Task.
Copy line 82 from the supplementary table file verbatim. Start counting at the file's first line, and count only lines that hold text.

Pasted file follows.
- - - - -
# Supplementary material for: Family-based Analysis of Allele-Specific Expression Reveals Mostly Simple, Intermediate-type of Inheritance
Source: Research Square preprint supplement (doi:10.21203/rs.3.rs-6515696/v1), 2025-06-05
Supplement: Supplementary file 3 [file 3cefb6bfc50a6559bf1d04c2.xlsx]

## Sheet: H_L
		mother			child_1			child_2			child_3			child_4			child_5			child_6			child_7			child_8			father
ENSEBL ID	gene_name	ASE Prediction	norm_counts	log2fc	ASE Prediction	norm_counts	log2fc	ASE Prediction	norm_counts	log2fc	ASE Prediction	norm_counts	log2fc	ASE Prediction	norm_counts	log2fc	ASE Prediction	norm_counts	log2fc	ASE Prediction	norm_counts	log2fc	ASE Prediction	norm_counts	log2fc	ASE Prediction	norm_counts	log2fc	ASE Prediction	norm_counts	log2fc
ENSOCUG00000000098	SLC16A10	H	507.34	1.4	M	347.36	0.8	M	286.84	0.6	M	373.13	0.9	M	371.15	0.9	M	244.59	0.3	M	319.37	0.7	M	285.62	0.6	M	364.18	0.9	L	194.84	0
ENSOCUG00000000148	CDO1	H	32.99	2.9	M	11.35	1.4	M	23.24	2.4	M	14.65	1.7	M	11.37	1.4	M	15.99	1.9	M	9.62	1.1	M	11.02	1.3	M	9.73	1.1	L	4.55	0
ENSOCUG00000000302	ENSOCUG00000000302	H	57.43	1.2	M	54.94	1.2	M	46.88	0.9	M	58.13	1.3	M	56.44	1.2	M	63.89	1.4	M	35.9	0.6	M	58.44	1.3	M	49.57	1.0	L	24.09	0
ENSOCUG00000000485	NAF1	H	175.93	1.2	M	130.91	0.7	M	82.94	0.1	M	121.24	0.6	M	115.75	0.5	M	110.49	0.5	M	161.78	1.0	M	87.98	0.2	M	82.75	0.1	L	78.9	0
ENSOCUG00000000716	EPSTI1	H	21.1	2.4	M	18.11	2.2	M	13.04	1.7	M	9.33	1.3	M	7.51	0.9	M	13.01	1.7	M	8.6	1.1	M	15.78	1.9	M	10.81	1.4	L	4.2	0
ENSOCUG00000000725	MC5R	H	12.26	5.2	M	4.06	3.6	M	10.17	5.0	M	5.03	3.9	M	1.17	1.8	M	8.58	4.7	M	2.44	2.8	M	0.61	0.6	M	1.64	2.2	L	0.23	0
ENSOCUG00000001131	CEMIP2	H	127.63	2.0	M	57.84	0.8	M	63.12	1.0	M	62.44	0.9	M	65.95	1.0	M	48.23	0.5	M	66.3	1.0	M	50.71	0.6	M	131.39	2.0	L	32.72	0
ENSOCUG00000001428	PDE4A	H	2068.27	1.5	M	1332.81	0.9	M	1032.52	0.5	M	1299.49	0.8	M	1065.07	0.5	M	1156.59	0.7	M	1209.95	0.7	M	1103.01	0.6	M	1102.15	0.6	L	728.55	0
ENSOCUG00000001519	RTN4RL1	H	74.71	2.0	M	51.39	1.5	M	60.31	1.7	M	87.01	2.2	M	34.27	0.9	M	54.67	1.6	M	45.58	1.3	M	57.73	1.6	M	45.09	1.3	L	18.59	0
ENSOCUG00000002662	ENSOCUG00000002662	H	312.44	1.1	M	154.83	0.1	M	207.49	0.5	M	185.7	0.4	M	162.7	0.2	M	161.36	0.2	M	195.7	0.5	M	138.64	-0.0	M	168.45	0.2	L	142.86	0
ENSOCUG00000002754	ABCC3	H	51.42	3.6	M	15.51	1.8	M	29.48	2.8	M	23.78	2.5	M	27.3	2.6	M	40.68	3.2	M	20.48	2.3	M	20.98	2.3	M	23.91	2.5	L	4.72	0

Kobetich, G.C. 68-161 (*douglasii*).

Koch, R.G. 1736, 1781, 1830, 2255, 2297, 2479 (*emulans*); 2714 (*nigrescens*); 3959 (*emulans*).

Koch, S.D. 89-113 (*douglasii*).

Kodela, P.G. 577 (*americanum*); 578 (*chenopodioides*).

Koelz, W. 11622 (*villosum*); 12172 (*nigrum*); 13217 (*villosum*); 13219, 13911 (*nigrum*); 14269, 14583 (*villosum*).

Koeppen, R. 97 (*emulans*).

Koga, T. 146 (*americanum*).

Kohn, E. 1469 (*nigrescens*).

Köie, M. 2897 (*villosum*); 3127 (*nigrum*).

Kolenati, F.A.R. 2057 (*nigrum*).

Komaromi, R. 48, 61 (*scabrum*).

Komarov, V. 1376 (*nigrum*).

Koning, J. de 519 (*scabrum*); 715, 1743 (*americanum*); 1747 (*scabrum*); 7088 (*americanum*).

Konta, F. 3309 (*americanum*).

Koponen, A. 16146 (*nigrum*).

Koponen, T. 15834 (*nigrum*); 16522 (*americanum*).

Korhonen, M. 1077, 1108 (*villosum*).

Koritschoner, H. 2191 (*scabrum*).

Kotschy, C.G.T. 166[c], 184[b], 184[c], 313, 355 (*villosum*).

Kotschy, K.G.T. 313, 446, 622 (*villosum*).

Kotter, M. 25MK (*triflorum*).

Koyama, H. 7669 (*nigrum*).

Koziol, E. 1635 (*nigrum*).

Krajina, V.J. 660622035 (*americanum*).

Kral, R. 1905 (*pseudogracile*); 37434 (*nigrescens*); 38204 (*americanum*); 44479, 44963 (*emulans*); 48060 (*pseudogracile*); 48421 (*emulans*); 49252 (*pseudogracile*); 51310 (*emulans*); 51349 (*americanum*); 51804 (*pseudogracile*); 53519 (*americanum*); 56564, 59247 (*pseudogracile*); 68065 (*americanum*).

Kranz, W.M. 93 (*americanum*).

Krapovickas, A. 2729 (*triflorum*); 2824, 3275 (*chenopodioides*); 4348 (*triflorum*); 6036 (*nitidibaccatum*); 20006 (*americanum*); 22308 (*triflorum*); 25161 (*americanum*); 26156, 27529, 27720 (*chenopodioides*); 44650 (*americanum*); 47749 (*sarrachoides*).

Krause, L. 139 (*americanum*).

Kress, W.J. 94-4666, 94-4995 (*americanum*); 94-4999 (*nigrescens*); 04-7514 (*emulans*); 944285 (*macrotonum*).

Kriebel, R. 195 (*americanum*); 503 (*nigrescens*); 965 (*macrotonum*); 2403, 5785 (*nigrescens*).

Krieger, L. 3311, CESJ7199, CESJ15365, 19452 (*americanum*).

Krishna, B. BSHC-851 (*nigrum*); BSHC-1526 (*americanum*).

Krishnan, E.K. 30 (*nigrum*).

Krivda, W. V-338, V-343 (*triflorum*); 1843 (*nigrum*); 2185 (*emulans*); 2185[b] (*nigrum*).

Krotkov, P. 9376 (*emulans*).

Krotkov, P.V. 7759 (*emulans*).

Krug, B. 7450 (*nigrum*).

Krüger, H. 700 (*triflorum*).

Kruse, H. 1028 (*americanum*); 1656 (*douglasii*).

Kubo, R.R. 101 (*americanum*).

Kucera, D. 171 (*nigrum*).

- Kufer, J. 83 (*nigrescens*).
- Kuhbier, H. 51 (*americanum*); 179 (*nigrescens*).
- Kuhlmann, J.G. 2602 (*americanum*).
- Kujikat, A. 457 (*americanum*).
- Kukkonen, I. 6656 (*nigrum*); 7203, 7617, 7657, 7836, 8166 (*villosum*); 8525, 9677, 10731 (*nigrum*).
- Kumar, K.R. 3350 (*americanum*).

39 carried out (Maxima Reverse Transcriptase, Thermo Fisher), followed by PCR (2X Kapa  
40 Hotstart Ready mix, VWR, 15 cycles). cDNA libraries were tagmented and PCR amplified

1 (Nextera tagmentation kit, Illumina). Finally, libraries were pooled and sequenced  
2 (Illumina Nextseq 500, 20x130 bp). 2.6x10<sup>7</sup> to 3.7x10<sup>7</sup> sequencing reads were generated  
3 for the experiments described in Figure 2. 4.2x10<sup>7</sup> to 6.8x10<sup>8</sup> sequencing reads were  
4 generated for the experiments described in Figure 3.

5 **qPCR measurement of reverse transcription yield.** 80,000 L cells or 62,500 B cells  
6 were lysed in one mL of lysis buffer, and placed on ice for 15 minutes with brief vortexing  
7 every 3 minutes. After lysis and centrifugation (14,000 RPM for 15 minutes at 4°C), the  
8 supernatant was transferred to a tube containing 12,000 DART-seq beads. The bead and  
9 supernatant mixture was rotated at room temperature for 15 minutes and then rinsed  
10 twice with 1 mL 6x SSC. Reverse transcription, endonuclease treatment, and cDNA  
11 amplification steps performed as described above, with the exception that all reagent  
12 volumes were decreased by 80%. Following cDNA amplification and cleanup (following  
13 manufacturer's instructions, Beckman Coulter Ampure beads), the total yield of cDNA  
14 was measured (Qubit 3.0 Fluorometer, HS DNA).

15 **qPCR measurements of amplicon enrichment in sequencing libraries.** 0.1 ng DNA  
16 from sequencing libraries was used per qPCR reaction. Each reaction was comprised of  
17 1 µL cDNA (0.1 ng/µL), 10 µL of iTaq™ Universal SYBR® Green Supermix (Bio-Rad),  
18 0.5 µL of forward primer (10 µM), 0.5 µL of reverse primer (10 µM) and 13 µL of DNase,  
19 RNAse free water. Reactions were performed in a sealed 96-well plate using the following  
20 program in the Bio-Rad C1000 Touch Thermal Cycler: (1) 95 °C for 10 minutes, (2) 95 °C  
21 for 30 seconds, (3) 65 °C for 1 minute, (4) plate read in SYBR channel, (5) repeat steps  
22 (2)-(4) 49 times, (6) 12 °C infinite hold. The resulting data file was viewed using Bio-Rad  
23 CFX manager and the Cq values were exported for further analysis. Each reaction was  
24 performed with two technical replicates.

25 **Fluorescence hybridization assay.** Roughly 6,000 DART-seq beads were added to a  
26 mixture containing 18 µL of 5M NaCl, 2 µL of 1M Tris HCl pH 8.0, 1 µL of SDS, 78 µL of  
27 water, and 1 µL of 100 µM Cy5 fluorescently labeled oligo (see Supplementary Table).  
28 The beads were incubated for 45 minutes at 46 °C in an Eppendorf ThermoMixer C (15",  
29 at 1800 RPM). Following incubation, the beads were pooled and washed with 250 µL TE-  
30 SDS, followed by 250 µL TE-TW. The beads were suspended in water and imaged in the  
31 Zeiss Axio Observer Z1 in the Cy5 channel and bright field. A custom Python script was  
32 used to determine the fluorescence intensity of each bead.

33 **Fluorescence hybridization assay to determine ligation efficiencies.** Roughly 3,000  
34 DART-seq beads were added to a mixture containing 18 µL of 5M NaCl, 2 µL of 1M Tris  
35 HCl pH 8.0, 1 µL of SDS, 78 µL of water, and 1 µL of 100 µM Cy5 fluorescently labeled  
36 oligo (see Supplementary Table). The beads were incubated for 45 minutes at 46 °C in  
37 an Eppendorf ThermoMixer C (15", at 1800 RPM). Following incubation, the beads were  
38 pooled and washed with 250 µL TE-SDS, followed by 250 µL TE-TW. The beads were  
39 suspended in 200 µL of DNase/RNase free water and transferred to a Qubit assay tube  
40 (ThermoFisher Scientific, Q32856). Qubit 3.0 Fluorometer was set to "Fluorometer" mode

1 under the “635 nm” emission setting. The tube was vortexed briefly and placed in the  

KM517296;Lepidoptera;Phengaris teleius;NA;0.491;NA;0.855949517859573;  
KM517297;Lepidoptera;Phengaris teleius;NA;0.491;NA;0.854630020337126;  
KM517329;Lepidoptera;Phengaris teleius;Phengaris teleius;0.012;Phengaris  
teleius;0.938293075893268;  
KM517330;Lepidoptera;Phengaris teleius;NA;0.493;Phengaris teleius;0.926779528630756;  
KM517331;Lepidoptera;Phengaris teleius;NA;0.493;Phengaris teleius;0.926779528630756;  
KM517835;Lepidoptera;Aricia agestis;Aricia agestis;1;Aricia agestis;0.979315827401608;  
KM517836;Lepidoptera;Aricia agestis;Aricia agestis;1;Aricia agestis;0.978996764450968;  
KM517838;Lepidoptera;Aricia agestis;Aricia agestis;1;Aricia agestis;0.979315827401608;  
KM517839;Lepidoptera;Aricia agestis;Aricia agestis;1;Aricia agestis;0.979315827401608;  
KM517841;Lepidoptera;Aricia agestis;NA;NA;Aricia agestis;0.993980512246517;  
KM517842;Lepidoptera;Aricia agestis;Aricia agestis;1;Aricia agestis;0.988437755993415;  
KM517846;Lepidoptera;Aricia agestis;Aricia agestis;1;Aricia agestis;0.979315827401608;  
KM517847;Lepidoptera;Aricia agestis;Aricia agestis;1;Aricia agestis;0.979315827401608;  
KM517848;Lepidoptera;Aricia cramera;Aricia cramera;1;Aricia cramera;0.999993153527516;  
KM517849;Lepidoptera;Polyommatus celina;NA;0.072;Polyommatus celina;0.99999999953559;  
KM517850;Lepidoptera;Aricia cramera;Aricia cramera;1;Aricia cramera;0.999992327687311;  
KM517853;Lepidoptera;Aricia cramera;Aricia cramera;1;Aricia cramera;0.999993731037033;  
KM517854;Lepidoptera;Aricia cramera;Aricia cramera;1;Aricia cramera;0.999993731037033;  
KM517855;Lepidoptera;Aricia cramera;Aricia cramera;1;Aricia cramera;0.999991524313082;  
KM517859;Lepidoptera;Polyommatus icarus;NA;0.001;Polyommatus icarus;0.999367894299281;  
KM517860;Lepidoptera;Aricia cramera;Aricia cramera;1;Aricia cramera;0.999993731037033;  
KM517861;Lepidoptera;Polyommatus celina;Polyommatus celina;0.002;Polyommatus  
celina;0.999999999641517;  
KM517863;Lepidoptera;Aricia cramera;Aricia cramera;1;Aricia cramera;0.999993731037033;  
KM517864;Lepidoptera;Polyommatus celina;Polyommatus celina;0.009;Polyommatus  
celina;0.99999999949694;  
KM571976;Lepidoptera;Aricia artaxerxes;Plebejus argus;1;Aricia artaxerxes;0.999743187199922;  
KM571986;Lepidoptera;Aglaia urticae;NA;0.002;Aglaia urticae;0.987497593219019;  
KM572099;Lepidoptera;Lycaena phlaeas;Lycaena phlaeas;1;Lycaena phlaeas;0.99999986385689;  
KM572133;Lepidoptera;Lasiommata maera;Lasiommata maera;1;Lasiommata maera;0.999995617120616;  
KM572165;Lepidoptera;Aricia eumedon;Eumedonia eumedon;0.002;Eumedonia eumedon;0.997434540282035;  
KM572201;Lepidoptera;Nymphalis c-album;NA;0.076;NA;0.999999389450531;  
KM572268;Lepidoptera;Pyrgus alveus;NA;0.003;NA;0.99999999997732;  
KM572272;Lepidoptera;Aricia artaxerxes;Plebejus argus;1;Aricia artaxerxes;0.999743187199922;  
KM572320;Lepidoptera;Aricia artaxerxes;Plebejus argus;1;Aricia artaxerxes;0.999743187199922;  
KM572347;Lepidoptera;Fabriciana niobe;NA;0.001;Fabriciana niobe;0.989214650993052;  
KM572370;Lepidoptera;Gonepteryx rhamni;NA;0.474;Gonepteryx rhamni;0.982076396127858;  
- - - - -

16 from sequencing libraries was used per qPCR reaction. Each reaction was comprised of  